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April 3rd 2017. By Dieter Loibner.

A 24-Carat Nesting Dinghy

As chic as a Ferragamo slipper. As practical as a Swiss Army knife: The PT 11 breaks new ground for kit boats.

Chicken coops. What would the boating world look like today, on the US West Coast, anyway, if it wasn’t for hen houses that were converted into boat building operations? It’s where Bill Lee and Santa Cruz Yachts built the majestic ULDB-sleds that dominated local offshore racing in the 1970s and ’80s. It’s where Dave Livingston of Ranger Tug fame honed his skills. And it’s where Russell Brown, the founder of Port Townsend Watercraft, turns out polished kits for small plywood boats that DIY owners build in the stitch-and-glue method. His most popular model is the PT 11, a nesting dinghy,  a pretty, pint-sized craft that weighs approximately 90 pounds and can be rowed, sailed, or motored. The 11-foot hull is made of seven precision-cut Okoume plywood sheets that are glued and glassed with West System epoxy. The bottom panel is flat, which helps the boat sit upright on the dock or the beach.

PT11 – Kim’s Port Townsend 11′ Sailing / Nesting Dinghy from Randy Kerr on Vimeo.

By nature, nesting dinghies consist of two parts, a bow-half that nests in the stern-half, just like you’d stack two bowls. This act creates a smaller footprint (about half the regular hull length) during storage or transport and makes them suitable as tenders for cruising yachts with limited deck space. To launch, bow and stern are joined amidships. In the PT 11’s case, this takes only seconds and it is intuitive, thanks to an ingeniously simple yet precise mechanism.

Taking fresh ideas to the coop

“If there’s wind in your anchorage, you think, ’let’s go!’ and the next moment you’re sailing,” said Russell Brown, explaining his thinking behind the PT 11. He is in his mid-fifties, but has a youthfulness about him despite the graying hair. As the younger son of trimaran pioneer Jim Brown, multihull sailing and boatbuilding are parts of his genetic makeup. He became very good at both while cultivating a love affair with proas, those ancient “asymmetrical” multihulls Pacific Islanders had been using for travel and trade since the beginning of time.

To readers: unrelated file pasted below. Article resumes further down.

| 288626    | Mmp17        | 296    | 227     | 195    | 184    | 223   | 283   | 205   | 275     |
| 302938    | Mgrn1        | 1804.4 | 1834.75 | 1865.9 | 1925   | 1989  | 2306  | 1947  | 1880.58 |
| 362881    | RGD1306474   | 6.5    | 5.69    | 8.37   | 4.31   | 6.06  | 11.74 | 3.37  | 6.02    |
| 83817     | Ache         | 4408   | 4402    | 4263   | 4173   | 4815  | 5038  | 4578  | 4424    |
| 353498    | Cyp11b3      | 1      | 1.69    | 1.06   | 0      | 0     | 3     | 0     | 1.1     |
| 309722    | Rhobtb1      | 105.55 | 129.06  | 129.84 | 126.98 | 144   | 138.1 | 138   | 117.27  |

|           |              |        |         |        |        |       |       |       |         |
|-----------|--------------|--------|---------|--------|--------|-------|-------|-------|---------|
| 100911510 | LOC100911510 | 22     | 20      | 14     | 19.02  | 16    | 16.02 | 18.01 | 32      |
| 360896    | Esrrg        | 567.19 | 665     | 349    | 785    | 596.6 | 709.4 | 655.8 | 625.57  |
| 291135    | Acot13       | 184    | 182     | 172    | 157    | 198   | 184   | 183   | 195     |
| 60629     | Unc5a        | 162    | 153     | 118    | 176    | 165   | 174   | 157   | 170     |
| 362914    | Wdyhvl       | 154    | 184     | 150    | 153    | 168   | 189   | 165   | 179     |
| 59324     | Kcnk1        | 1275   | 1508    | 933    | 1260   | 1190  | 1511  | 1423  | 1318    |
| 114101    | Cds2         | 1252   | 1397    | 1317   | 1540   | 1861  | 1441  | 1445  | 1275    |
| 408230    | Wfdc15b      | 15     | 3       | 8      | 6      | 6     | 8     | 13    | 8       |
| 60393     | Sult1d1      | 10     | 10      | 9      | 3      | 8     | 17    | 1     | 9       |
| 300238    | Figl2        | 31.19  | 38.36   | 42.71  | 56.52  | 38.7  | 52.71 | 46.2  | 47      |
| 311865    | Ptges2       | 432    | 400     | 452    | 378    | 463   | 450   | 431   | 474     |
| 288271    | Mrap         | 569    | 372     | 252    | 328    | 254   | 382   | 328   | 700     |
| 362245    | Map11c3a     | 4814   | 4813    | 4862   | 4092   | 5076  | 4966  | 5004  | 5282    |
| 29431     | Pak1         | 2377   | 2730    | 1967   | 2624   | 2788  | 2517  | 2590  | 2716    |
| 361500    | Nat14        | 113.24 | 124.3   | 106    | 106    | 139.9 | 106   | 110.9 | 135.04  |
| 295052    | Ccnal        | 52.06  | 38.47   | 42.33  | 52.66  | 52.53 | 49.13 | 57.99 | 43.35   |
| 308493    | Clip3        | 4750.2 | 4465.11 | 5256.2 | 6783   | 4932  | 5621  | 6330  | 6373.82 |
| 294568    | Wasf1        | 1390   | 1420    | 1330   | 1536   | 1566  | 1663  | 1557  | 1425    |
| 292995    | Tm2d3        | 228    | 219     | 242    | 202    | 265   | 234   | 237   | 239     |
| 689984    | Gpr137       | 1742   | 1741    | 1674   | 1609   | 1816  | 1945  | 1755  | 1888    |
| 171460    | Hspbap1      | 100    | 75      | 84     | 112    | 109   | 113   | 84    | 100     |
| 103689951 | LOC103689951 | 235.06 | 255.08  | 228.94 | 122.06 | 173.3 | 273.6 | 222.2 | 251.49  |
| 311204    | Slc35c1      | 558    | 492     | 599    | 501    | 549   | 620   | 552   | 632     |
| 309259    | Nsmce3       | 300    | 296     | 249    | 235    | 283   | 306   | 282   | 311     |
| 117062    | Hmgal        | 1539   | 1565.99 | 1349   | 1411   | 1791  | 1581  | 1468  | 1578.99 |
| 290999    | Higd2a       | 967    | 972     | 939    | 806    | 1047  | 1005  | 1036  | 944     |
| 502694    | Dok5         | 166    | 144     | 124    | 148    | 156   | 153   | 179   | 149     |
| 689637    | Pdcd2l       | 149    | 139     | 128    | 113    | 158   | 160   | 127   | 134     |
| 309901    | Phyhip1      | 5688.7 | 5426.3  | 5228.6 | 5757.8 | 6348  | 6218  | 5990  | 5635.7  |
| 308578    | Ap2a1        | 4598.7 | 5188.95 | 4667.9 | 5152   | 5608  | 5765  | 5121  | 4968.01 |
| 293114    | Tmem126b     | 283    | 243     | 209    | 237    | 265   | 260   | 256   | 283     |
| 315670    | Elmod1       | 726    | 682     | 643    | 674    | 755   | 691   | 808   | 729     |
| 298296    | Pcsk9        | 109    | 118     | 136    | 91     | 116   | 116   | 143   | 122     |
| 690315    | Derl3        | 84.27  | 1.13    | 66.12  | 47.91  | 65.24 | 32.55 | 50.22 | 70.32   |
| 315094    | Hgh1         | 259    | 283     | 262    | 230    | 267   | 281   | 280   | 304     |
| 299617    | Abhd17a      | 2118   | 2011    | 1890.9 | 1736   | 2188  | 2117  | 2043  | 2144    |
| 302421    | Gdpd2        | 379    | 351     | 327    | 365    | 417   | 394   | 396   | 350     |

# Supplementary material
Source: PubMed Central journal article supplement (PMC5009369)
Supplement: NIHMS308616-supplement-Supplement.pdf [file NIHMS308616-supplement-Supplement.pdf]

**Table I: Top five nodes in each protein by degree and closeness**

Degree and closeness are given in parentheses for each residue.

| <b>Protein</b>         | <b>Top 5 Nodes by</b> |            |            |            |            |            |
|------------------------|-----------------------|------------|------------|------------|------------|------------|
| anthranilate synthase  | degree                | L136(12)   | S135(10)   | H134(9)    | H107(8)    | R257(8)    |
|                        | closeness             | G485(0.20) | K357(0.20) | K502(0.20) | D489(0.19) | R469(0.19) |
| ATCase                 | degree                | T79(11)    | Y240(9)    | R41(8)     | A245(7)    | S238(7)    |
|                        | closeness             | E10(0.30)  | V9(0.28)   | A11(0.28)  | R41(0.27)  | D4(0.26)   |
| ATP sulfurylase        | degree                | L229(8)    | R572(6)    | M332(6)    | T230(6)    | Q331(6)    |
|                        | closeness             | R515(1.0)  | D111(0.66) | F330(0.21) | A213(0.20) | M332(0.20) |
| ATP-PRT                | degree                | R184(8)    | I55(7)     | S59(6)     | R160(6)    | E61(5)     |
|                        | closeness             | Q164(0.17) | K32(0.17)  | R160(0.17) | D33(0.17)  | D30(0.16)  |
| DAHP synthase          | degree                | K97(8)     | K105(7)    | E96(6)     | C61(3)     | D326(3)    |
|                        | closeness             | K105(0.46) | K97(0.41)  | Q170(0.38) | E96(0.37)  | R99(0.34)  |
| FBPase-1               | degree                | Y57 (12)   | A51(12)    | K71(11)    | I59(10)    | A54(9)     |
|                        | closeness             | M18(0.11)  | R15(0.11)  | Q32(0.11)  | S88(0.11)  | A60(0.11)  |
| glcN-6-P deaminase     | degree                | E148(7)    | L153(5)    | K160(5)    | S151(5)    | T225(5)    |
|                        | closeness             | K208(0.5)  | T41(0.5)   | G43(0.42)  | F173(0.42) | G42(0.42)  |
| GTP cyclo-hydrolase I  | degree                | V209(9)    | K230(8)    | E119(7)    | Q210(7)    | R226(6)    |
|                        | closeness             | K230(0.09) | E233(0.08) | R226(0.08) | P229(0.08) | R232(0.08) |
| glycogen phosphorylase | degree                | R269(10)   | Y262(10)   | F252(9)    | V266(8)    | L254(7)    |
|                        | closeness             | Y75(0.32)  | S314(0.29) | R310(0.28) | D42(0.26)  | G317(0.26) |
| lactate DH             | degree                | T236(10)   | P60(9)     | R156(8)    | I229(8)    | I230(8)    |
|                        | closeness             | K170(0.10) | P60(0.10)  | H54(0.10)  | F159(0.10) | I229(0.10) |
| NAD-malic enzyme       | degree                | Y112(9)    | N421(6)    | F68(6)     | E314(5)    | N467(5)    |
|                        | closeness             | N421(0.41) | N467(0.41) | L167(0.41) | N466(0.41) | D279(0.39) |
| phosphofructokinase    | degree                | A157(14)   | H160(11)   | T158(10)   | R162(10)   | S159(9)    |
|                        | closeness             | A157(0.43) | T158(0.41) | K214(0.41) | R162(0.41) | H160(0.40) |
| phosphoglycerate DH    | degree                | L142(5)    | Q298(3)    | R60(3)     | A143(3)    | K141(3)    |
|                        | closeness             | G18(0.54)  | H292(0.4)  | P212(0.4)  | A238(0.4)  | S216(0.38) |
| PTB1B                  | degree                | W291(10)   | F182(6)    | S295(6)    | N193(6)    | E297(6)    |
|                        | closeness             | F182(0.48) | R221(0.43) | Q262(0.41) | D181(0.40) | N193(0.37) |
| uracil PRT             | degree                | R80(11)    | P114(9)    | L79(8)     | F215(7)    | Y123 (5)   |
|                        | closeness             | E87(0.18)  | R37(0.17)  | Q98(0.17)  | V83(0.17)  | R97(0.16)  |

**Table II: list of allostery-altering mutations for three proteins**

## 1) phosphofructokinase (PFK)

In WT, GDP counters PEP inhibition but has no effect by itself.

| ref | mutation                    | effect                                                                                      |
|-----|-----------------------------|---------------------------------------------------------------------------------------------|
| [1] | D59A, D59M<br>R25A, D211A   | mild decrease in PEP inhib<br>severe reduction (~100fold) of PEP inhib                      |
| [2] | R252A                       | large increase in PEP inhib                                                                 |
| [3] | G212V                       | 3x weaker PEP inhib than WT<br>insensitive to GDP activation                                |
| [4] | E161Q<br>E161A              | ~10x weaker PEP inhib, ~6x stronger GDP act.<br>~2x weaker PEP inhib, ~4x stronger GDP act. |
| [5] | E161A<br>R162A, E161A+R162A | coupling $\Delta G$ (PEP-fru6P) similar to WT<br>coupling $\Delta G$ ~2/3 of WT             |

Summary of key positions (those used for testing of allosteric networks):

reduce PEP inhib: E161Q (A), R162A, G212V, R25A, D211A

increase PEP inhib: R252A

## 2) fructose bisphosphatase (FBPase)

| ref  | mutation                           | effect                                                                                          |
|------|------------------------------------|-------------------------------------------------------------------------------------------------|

Ashlyn and Russell Brown at the chicken coop with a newly refurbished Gougeon 32 catamaran.

Ashlyn and Russell Brown at the chicken coop with a newly refurbished Gougeon 32 catamaran.

The kit of the PT 11 packaged and ready to be shipped.

The kit of the PT 11 packaged and ready to be shipped.

In the 1990s, Brown designed and built Jzerro, a 36-foot proa, and later sailed her from San Francisco to New Zealand. Along for the ride was a nesting dinghy, which he found useful, but also lacking in refinement. Once back, he went to work in his chicken coop to fix what needed fixing. “The [nesting dinghy’s] idea is old, but few people had done a good job with it,” Brown noted. “I sensed a void in the market, so I built my first prototype, which featured ideas I had developed during my journey.” In the process he took the staid concept into the 21st century by making it nicer, lighter, sexier, and way more entertaining than small inflatables. But he operates in a market that defines itself.

“Hard dinghies are for purists, the kind of people who sail off their anchors and use kerosene lamps,” muses John Harris, the owner of Chesapeake Light Craft, a kit boat company in Annapolis, Md. that also sells nesting dinghies and sources parts from PT Watercraft. The average yachtie, he contends, would still want to use an inflatable with outboard, for its stability and the soft sides that are forgiving of boat-handling deficiencies. “But there’s room for all kinds.”

Ashlyn Brown shows off the high-aspect-ratio rudder of the PT 11.

Ashlyn Brown shows off the high-aspect-ratio rudder of the PT 11.

The tack fitting is a simple carabiner.

The tack fitting is a simple carabiner.

Assembling and rigging the PT 11 takes five minutes, give or take, Brown insisted. With a little practice and a decent dock to launch from, this claim doesn’t appear to be outlandish. More challenging, at least for mere mortals, is building the PT 11 to the same clinical standards that Brown applied to the demo boat. “Clinical” means just that, because where others install cheap neoprene for hatch gaskets, this perfectionist uses surgical tubing, “because that rubber has no memory.”